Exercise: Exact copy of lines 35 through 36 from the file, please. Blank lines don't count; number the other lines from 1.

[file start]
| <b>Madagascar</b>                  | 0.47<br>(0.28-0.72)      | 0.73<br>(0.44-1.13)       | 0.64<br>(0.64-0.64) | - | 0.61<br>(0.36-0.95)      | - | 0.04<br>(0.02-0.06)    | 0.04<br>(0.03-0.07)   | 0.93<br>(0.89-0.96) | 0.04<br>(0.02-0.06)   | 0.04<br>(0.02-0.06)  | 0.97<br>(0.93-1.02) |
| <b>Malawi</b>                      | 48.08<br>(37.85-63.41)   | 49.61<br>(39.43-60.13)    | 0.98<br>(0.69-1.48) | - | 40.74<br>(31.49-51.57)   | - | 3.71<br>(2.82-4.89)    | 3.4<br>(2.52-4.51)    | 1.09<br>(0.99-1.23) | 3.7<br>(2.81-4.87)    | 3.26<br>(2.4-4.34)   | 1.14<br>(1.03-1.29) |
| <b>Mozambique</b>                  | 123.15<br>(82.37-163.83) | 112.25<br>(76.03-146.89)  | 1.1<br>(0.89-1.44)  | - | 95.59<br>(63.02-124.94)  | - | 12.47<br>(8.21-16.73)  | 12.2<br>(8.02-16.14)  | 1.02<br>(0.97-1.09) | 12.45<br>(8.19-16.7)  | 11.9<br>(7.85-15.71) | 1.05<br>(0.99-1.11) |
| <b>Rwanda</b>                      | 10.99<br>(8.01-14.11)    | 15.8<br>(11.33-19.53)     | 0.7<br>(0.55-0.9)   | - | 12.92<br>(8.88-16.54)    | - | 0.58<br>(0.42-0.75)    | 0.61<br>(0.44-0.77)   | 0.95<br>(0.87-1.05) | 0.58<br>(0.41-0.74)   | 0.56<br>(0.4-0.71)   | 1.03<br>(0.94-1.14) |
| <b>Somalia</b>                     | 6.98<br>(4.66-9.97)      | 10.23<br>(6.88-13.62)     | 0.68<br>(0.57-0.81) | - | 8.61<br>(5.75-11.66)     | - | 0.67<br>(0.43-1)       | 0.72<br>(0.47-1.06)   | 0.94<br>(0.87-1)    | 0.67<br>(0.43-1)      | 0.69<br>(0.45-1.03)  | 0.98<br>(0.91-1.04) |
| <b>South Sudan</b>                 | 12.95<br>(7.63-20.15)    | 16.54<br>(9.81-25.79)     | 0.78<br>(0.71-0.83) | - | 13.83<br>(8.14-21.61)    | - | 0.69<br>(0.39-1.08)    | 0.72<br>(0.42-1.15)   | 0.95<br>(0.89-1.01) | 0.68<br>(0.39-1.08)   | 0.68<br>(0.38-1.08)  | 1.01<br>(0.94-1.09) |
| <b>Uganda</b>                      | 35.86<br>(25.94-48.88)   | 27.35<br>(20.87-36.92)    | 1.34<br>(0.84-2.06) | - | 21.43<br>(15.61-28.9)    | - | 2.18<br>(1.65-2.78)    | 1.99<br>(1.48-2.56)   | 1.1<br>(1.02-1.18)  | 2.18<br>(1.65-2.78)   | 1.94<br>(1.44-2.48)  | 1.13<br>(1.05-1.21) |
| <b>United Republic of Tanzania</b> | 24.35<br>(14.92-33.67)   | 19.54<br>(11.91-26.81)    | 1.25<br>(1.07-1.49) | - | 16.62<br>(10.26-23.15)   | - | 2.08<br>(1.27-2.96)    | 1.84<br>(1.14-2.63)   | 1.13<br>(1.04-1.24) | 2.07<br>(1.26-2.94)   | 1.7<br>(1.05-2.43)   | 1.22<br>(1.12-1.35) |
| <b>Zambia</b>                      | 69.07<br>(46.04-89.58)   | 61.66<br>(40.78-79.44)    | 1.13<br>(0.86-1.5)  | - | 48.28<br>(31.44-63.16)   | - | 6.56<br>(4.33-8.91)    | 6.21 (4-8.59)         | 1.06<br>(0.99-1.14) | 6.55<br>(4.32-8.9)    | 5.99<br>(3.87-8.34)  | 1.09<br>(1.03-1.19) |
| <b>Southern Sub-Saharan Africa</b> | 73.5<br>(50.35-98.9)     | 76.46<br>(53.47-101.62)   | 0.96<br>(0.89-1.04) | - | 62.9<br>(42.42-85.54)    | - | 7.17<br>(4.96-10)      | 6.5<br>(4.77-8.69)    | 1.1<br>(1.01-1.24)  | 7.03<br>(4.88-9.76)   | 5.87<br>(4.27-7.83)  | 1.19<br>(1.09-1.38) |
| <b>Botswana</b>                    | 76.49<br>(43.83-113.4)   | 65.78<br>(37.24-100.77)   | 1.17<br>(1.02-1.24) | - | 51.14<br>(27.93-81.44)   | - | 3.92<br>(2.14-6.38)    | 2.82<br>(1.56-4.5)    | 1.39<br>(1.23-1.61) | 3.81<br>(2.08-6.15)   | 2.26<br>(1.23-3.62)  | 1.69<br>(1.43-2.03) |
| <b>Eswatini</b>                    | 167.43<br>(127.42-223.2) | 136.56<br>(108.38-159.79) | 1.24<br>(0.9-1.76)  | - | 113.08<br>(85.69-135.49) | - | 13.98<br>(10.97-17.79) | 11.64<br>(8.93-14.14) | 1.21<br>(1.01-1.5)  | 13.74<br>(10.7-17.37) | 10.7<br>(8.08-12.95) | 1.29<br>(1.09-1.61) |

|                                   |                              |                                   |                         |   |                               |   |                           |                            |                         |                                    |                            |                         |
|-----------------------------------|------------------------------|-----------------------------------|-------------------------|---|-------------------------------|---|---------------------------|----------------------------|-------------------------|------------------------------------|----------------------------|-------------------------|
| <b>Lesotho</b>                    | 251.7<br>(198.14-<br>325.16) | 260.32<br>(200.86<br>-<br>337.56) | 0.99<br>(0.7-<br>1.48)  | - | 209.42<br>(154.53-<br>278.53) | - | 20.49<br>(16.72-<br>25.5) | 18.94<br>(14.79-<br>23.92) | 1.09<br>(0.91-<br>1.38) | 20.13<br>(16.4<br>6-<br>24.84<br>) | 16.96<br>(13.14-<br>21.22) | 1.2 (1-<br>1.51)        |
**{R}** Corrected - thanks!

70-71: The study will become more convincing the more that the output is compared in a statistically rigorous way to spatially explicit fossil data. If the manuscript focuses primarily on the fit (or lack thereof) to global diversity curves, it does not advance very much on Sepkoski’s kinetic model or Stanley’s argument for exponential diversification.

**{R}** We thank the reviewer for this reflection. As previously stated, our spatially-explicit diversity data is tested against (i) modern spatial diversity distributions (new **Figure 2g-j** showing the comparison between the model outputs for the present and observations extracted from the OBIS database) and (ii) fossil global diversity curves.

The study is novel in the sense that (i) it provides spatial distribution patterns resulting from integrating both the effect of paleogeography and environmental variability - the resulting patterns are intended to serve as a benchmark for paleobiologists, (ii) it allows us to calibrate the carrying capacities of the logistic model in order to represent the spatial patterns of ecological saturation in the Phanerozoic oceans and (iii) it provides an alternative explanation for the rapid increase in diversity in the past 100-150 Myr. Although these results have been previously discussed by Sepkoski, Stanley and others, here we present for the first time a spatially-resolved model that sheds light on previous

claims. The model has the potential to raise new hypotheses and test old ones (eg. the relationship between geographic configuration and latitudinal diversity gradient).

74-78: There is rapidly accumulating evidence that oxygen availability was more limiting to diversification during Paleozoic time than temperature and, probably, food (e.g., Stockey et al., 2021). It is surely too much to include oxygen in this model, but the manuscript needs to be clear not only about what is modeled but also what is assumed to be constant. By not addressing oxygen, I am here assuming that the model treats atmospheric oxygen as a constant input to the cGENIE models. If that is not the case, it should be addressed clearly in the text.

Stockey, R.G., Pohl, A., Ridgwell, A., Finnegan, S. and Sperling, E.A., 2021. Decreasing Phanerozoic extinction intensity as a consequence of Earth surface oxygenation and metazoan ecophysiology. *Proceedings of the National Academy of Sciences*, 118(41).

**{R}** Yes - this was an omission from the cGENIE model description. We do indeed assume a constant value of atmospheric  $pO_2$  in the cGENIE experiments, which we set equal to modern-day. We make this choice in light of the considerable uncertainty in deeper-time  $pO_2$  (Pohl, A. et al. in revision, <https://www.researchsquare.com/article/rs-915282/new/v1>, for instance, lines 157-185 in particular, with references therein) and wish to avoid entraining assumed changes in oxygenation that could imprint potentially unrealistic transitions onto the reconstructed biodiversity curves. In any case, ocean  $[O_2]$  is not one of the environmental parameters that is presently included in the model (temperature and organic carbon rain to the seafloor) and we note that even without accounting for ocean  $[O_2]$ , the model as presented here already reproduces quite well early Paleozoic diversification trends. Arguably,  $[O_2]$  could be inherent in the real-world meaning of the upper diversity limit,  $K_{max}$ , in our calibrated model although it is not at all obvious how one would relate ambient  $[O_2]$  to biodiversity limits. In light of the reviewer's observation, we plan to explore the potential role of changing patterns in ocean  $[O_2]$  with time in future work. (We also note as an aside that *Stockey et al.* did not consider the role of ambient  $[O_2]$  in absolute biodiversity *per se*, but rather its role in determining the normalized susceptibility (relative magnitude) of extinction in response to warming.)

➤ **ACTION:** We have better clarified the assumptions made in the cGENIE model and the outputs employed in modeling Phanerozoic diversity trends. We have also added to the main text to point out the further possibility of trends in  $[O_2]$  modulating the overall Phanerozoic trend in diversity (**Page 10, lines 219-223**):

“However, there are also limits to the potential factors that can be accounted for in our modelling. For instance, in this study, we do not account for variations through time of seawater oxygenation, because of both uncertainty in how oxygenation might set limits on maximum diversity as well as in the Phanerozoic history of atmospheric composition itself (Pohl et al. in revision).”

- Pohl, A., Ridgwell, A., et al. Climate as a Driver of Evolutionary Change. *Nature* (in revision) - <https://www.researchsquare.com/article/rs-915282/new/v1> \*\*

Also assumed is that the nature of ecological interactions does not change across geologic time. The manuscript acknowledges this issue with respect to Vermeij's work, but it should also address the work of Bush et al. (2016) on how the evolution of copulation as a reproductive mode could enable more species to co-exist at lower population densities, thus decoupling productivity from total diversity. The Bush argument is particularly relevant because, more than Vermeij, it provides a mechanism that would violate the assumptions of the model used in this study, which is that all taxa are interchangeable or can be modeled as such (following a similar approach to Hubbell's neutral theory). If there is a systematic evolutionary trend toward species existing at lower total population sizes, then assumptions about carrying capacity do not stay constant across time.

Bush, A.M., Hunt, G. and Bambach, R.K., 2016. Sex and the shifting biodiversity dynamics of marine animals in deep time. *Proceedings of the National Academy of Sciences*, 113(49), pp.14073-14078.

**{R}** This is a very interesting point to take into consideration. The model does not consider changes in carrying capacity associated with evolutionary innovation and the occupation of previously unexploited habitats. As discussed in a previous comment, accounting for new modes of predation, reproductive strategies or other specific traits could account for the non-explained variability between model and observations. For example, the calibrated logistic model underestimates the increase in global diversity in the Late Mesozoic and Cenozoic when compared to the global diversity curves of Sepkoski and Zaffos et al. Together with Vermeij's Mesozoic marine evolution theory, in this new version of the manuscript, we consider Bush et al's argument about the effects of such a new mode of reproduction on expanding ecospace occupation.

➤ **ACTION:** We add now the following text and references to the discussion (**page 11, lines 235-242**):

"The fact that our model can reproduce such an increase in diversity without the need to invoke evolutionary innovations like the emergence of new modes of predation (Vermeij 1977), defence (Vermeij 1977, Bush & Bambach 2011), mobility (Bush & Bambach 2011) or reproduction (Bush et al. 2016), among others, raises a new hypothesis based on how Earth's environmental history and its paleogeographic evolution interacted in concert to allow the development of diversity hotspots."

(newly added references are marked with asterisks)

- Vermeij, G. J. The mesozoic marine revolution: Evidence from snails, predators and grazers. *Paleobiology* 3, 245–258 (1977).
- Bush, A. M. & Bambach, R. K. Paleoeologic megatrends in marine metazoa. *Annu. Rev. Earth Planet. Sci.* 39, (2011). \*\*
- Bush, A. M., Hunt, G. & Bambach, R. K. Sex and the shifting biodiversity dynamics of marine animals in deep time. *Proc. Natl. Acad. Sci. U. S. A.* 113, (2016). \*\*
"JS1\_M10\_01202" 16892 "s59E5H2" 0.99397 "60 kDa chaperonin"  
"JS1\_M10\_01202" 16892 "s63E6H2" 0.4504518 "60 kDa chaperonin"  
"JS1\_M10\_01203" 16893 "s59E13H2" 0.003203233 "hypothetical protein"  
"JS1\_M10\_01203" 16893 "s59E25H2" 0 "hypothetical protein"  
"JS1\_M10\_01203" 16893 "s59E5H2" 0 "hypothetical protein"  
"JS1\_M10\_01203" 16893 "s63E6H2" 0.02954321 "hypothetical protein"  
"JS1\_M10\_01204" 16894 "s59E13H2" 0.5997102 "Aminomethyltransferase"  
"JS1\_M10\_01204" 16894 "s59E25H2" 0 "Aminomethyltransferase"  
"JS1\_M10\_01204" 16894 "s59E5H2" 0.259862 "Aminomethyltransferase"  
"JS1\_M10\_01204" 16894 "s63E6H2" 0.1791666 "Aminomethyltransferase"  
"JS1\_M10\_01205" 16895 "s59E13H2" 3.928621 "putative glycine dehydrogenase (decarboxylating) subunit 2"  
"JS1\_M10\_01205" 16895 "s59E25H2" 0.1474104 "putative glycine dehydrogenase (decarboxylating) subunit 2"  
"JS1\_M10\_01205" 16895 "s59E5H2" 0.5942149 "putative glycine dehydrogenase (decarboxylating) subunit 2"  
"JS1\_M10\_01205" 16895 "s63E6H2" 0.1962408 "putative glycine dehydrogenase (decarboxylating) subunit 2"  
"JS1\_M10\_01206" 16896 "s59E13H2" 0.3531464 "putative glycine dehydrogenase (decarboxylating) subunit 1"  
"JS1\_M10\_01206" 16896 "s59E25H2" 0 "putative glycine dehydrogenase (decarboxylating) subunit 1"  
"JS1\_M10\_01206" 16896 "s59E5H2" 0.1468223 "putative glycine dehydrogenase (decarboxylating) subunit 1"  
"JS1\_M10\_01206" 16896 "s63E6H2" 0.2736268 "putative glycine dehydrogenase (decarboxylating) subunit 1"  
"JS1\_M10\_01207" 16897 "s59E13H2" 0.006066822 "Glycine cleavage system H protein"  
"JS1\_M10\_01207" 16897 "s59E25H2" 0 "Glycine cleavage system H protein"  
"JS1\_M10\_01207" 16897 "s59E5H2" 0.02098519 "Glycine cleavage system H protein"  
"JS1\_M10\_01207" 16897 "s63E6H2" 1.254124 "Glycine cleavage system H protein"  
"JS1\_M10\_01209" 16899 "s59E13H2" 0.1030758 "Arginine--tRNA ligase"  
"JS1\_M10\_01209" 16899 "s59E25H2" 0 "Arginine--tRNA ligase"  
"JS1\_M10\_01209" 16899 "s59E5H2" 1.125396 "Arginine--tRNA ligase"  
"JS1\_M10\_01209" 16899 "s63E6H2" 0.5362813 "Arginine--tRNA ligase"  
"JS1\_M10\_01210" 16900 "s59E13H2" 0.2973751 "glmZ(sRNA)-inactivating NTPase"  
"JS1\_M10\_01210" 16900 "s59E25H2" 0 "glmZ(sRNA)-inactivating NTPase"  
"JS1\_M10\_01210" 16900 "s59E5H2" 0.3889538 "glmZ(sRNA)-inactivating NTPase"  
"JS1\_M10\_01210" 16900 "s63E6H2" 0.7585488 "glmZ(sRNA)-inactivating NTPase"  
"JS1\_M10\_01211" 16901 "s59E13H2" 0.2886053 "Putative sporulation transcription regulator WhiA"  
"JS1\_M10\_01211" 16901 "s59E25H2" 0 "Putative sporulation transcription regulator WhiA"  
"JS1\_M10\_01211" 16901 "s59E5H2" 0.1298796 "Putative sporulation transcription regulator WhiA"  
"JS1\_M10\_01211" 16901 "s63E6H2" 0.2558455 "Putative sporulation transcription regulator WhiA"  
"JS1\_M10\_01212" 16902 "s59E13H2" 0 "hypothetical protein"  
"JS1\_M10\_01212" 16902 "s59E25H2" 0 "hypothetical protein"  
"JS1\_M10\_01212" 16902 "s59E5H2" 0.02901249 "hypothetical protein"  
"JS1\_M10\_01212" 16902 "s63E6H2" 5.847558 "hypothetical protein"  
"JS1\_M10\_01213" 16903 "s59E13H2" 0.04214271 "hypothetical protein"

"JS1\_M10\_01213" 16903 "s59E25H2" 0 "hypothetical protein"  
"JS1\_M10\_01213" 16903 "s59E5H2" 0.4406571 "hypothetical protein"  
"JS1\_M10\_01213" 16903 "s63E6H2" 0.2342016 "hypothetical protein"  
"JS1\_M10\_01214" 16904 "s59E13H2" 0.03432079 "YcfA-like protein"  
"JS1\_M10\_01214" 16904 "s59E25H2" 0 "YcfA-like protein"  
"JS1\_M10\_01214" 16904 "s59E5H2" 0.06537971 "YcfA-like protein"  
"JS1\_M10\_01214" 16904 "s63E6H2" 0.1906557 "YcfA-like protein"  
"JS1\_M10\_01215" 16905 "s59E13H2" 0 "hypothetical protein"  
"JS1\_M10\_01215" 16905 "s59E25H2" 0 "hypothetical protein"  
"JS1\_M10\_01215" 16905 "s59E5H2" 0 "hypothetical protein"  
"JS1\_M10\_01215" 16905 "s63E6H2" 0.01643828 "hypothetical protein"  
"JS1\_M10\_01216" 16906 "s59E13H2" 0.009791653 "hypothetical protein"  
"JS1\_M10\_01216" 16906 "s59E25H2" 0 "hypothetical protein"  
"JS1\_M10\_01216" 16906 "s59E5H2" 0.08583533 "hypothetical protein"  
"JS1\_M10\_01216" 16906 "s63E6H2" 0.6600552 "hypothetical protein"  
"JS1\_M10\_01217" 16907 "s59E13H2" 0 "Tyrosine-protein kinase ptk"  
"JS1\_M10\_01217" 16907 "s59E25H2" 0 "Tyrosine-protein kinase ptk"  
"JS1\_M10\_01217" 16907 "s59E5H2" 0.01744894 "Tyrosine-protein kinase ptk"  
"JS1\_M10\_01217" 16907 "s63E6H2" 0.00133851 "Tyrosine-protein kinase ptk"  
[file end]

- Bush, A. M., Hunt, G. & Bambach, R. K. Sex and the shifting biodiversity dynamics of marine animals in deep time. *Proc. Natl. Acad. Sci. U. S. A.* 113, (2016). \*\*
"JS1\_M10\_01202" 16892 "s59E5H2" 0.99397 "60 kDa chaperonin"  